"No" Supporters Win in Greece: Now What?
by Stephen Lendman
Sunday evening in Greece should have been time for celebrations. "No" votes won decisively with over a 61% majority.
Phony corporate media polls showed the "yes" camp prevailing - to discourage "no" supporters from voting as well as swing undecided ones to accept Troika demands.
At the same time, heavy-handed Troika and corporate media tactics bombarded Greeks with relentless fear-mongering, Big Lies and threats for voting "no."
It didn't work. In this respect, Sunday's vote was a huge triumph. Ordinary people had some say over their futures - a moment of democracy in an ocean of monied-controlled tyranny. Hold the cheers.
Greeks got the wrong choices - either to accept most Troika austerity demands or all of them instead of up or down on accepting or rejecting them entirely.
Alexis Tsipras was elected on a mandate of ending austerity. He called it "unacceptable." Yet he largely surrendered to Troika demands and may entirely ahead (despite voters saying "no") in return for more impossible to repay odious debt - blood money slowly destroying Greece's economy along with euro entrapment overriding its sovereignty - hardly a cause for celebration.
What's ahead remains to be seen. For sure, punishing austerity will continue. Likely more will be added. Troika officials already are talking tough. Ignore what they say. Follow what they do.
The ECB governing council will meet Monday to decide if more support for Greek banks will be extended. France's Economy Minister Emmanuel Macron said "(i)f the No wins, it would be a historic mistake to crush the Greek people."
Former ECB president Jean-Claude Tricket called "(t)he probability of a catastrophe for the Greek people…high."
Germany's Angela Merkel heads to Paris Monday to discuss Sunday's results with France's Francois Hollande. Troika officials scotched prospects for emergency talks on Greece. One official said they "would not know what to discuss."
At the same time, Reuters reported the European Commission and EU executive meeting in Strasbourg on Tuesday - then briefing European Parliament members on what they discussed.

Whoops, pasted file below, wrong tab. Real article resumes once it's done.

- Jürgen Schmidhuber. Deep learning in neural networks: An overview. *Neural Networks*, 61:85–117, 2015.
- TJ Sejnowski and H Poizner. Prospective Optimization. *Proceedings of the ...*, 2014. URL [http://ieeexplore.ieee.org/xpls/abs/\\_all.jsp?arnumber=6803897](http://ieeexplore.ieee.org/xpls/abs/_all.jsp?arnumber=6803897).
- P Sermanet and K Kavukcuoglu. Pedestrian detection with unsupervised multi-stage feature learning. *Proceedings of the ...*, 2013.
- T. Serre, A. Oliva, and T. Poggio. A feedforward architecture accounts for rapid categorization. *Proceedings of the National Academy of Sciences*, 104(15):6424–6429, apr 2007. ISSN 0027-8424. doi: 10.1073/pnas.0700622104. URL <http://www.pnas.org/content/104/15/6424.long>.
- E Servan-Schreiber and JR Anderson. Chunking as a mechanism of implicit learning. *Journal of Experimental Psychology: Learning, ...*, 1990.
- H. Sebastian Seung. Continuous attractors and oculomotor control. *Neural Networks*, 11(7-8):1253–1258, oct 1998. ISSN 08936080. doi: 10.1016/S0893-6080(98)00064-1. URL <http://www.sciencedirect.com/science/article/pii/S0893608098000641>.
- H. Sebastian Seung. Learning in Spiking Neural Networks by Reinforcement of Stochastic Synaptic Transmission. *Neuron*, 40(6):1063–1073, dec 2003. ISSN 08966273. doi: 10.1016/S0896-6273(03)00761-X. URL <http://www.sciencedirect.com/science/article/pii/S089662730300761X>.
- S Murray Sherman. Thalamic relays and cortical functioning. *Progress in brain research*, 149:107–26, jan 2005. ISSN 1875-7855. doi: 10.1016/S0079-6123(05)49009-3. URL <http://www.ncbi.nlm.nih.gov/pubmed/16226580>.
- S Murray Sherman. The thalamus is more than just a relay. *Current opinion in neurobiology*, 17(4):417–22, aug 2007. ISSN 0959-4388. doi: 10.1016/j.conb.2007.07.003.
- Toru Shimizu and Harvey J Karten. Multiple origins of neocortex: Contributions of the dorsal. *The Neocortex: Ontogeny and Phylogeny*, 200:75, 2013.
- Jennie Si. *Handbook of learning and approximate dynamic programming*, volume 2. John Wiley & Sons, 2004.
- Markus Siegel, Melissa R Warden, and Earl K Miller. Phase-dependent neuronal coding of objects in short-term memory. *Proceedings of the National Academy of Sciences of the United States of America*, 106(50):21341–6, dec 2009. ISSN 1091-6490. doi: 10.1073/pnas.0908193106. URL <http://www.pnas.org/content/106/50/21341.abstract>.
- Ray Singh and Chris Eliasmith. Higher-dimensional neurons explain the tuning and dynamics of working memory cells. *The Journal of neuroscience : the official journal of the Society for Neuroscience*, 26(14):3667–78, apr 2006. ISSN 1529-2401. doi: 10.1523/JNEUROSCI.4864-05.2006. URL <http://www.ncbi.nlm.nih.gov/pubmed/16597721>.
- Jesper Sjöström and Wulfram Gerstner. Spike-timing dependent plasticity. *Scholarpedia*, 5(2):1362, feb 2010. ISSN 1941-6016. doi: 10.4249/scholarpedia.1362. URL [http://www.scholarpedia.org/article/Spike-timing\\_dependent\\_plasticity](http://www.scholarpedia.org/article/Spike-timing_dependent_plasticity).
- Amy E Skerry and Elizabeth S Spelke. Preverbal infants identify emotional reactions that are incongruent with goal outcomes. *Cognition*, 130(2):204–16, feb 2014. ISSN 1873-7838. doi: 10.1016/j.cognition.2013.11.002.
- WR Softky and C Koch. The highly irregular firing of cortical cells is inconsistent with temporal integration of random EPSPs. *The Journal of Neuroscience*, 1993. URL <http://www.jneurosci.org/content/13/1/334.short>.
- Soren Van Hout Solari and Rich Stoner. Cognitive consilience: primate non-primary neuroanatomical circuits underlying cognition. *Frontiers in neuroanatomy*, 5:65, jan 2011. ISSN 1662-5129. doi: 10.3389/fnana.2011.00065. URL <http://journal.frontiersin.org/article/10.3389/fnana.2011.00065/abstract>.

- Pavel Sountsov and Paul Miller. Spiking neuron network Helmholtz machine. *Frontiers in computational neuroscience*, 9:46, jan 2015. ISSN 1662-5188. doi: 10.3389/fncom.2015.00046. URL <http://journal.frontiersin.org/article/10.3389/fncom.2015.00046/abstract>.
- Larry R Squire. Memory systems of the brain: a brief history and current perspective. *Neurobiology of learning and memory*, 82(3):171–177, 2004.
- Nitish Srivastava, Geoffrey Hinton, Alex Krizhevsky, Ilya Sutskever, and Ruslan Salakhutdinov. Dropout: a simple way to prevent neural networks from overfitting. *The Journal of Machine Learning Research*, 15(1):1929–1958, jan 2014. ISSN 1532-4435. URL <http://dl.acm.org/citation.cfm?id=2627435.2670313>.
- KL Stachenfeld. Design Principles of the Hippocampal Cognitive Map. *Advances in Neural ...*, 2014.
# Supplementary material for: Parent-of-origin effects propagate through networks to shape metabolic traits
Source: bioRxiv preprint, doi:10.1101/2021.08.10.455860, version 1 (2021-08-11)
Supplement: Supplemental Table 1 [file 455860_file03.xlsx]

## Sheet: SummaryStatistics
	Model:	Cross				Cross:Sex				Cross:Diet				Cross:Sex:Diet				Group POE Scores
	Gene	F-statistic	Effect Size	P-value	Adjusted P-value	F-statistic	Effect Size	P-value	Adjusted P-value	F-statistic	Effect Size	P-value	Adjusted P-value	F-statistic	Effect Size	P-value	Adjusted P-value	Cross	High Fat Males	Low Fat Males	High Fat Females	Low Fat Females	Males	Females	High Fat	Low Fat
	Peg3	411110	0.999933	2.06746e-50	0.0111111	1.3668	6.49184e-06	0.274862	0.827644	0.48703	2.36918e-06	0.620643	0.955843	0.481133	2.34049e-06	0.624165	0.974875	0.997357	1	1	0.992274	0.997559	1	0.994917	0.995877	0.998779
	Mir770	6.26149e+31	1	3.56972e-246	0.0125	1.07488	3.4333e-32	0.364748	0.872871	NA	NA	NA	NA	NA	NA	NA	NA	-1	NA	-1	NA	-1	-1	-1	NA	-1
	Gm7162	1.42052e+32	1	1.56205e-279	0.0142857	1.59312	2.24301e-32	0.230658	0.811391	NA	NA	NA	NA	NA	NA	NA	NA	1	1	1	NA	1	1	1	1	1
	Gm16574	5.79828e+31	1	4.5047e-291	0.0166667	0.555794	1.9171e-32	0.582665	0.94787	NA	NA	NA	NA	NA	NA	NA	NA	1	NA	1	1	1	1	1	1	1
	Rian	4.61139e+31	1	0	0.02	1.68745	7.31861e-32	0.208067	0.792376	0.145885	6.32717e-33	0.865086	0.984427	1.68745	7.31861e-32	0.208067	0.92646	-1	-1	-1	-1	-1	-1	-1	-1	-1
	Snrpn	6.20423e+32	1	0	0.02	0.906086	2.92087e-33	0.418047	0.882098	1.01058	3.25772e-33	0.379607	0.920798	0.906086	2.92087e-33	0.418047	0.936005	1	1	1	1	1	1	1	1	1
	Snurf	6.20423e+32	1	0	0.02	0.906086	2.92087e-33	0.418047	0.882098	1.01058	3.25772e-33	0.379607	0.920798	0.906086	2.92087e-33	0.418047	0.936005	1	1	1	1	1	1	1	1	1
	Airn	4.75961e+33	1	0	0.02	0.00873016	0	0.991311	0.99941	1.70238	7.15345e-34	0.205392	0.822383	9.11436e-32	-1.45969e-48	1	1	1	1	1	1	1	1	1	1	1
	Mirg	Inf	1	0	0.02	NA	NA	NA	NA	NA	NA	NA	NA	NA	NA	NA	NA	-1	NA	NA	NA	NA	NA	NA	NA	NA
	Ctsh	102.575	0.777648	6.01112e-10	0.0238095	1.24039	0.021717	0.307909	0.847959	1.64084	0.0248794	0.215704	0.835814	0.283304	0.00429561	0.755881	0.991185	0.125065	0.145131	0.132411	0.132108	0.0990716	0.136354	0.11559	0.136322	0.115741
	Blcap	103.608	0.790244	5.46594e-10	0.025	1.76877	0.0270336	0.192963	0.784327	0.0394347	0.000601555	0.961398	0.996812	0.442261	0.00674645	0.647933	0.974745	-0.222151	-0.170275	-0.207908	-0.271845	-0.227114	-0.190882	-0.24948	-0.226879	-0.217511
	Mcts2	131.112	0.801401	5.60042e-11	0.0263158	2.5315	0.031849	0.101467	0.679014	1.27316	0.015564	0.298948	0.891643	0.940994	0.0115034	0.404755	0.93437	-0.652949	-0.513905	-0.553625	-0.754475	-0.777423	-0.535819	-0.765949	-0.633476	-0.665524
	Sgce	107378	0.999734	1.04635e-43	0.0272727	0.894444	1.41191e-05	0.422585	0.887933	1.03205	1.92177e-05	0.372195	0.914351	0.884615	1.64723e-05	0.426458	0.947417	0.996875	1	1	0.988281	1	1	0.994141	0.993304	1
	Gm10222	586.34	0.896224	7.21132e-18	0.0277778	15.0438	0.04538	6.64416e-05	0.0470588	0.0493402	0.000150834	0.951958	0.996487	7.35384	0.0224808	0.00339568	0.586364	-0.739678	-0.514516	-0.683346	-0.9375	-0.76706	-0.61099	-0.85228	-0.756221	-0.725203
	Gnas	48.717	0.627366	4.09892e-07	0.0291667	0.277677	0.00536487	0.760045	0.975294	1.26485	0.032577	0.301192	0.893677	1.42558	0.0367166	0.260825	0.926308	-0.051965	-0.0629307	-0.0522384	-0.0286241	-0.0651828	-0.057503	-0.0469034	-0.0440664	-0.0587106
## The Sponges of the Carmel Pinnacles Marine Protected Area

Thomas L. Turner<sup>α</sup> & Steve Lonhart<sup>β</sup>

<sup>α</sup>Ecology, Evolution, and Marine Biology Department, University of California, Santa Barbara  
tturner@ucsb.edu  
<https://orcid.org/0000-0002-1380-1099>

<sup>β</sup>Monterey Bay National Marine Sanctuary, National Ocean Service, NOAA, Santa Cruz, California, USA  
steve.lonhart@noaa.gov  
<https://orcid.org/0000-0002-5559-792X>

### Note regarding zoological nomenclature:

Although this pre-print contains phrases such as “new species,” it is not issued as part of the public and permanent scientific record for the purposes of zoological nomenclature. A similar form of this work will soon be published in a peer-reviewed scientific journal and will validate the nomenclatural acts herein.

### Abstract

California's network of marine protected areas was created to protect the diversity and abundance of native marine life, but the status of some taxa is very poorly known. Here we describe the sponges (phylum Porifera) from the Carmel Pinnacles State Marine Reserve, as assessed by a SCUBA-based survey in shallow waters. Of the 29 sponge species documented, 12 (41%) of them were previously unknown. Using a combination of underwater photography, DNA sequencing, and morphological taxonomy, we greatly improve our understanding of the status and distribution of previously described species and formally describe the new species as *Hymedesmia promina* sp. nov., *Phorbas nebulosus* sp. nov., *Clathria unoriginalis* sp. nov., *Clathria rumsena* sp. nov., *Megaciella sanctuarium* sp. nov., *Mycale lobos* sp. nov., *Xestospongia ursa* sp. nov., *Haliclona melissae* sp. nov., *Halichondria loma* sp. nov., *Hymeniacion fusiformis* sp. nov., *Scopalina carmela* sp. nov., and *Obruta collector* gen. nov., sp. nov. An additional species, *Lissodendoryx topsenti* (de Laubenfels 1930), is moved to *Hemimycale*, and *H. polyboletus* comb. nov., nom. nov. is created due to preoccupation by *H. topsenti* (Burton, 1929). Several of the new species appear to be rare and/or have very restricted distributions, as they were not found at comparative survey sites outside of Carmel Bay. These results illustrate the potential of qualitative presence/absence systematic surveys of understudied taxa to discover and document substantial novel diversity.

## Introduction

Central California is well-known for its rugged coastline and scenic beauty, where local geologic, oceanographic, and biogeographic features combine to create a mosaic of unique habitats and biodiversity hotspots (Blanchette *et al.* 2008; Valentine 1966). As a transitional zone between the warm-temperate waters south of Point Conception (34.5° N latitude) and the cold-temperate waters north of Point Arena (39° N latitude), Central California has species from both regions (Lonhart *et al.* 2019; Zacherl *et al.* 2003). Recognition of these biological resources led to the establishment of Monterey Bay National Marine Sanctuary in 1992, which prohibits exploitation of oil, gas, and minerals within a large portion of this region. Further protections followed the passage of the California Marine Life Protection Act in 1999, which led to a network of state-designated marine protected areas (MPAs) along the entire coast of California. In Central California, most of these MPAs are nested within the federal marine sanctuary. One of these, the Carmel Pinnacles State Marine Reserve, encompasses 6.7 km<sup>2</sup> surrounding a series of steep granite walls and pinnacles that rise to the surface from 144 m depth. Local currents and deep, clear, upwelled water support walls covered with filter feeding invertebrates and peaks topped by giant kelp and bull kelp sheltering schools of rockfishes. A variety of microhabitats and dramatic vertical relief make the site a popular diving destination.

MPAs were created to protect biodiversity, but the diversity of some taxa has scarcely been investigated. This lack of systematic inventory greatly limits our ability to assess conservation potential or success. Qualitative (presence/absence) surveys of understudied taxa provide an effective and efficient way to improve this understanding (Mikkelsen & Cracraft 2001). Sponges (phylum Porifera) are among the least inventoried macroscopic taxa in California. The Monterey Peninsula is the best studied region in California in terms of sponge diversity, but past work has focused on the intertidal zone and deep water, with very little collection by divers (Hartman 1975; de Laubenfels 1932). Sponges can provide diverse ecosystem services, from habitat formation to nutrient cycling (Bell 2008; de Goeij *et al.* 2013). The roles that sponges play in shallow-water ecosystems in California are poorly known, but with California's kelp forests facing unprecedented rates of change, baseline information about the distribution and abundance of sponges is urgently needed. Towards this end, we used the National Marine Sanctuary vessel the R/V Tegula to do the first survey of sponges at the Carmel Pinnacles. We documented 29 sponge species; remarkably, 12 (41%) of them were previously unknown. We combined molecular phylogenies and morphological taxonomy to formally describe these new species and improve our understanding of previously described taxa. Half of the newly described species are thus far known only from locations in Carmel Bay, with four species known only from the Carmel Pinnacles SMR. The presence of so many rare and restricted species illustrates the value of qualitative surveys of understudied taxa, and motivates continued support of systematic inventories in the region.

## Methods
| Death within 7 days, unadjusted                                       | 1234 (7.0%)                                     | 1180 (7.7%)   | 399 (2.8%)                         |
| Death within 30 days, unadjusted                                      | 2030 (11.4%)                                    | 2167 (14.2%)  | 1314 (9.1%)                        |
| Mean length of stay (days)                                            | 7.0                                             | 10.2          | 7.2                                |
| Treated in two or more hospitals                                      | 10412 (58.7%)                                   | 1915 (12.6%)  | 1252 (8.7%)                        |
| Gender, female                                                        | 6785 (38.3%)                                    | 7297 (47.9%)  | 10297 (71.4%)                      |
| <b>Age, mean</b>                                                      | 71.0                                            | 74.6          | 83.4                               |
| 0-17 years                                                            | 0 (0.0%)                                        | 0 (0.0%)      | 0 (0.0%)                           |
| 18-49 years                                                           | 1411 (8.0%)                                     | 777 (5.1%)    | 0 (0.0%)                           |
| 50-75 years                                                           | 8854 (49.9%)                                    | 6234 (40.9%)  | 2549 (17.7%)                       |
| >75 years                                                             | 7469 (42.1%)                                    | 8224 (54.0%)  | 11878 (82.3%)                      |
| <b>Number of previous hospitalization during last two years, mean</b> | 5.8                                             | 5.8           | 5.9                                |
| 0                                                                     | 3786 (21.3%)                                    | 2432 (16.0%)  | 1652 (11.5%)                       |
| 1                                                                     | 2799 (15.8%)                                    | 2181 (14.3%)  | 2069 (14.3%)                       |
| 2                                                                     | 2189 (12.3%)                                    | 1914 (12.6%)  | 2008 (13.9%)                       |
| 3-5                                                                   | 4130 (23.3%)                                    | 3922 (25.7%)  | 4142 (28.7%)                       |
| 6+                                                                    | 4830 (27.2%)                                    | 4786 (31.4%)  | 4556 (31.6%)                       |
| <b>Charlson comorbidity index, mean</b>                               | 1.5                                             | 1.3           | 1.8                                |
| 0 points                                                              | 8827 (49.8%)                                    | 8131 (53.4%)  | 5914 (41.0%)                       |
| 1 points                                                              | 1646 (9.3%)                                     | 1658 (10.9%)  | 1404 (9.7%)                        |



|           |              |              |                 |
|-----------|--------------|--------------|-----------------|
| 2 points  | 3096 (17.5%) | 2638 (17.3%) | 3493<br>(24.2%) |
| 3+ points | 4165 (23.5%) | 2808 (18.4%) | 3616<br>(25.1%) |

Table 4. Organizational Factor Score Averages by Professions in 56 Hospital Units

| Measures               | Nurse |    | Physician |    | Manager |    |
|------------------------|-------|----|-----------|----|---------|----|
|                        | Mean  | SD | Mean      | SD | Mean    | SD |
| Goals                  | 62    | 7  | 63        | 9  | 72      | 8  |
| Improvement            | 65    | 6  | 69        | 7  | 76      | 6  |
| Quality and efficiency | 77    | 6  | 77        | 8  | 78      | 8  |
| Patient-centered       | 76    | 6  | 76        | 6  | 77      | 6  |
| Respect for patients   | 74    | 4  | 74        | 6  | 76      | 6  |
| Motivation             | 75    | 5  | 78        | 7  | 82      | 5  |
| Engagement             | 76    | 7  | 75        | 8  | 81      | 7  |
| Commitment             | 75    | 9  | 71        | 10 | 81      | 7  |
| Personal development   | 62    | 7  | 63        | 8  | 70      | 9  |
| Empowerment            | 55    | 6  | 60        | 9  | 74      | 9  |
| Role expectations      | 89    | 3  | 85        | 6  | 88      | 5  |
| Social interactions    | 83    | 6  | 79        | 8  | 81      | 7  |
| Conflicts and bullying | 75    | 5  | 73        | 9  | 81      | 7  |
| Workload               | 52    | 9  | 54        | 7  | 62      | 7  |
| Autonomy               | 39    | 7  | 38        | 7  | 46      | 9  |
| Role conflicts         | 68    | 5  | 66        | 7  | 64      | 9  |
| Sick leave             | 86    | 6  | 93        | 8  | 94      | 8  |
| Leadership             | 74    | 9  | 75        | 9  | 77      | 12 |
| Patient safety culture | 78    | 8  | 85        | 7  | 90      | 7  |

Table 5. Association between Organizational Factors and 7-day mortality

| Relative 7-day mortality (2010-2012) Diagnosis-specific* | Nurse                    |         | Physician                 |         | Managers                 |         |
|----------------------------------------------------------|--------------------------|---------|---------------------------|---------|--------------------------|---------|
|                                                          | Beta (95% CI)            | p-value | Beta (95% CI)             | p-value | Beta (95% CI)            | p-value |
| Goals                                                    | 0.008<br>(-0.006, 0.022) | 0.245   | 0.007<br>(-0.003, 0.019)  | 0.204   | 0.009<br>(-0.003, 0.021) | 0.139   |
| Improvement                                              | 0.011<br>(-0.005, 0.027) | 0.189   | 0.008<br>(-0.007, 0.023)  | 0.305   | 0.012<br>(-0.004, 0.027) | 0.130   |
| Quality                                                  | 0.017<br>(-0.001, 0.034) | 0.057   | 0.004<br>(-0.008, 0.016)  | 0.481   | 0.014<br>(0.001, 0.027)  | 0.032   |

German Social Democrat (SPD) party deputy parliament head Axel Schaefer said "EU leaders must get together immediately, even on Monday. The situation is too serious to leave to finance ministers."
"You have to have confidence in the ability of the ECB to act. We must use all the possibilities in the EU budget to help Greece, which is still a member of the euro and the EU."
European Parliament president Martin Schulz was defiant saying a "no" vote means Greece "will have to introduce another currency because the euro will no longer be available for a means of payment."
Belgian Finance Minister Johan Van Overtveldt indicated the door remains open for further talks.
Eurogroup president/Dutch finance minister Jeroen Dijsselbloem said Greece jeopardized its currency union standing. There is no room for further talks.
German Vice Chancellor/Economic Affairs and Energy Minister Sigmar Gabriel said little chance remains for reaching compromise with Athens.
At the moment, things are in unchartered waters. Greece can't borrow in capital markets. Remaining trapped in the euro straightjacket prevents it from controlling its monetary and fiscal policies.
The obvious solutions aren't taken, no matter the intermediate term pain unavoidable on a path back to economic health. Euro strangulation is slowly killing Greece. It's destroying other weak European economies.
Nations can't operate effectively without full sovereign control over their affairs - notably monetary and fiscal policies. Euro membership denies it - letting Troika bandits run Greece's economy instead of its elected government.
The clear solution for Greece is renouncing its odious debt, exiting the Eurozone, turning East for help, and accepting Russia's invitation to become the sixth BRICS member with access to its New Development Bank (NBD) for financial help on equitable, not loan shark terms. Direct Russian and Chinese help is available on the same basis.
Instead, Tsipras said he's ready to resume negotiations with predatory creditors bent on looting Greece entirely.
"Our immediate priority is to restore our banking system's functioning & economic stability," he twittered."
Chief Greek negotiator Euclid Tsakalotos said referendum results make it easier to reach an agreement with creditors. Not at all. Troika bandits don't negotiate. They demand.
Yielding to one country means others to follow, weakening the euro system en route to ending it entirely at some point.
The Eurozone and EU are failed systems - exploitive so monied interests can benefit at the expense of ordinary people in return for benefits too inconsequential to matter.
Sunday's vote was important in one respect. It was a victory for resistance over powerful monied interests ruling the world destructively for their own anti-populist interests.
It's meaningless unless followed through with sustained refusal to accept continued predatory exploitation until it's eliminated altogether or weakened enough to end its one-sided dominant control.
Tsipras made it clear he intends reaching an agreement for more bailout help in return for greater austerity than already. Sunday's victory sadly looks pyrrhic. The wild card is how Greeks will react in response.
Stephen Lendman lives in Chicago. He can be reached at email@example.com.
His new book as editor and contributor is titled "Flashpoint in Ukraine: US Drive for Hegemony Risks WW III."
Visit his blog site at sjlendman.blogspot.com.
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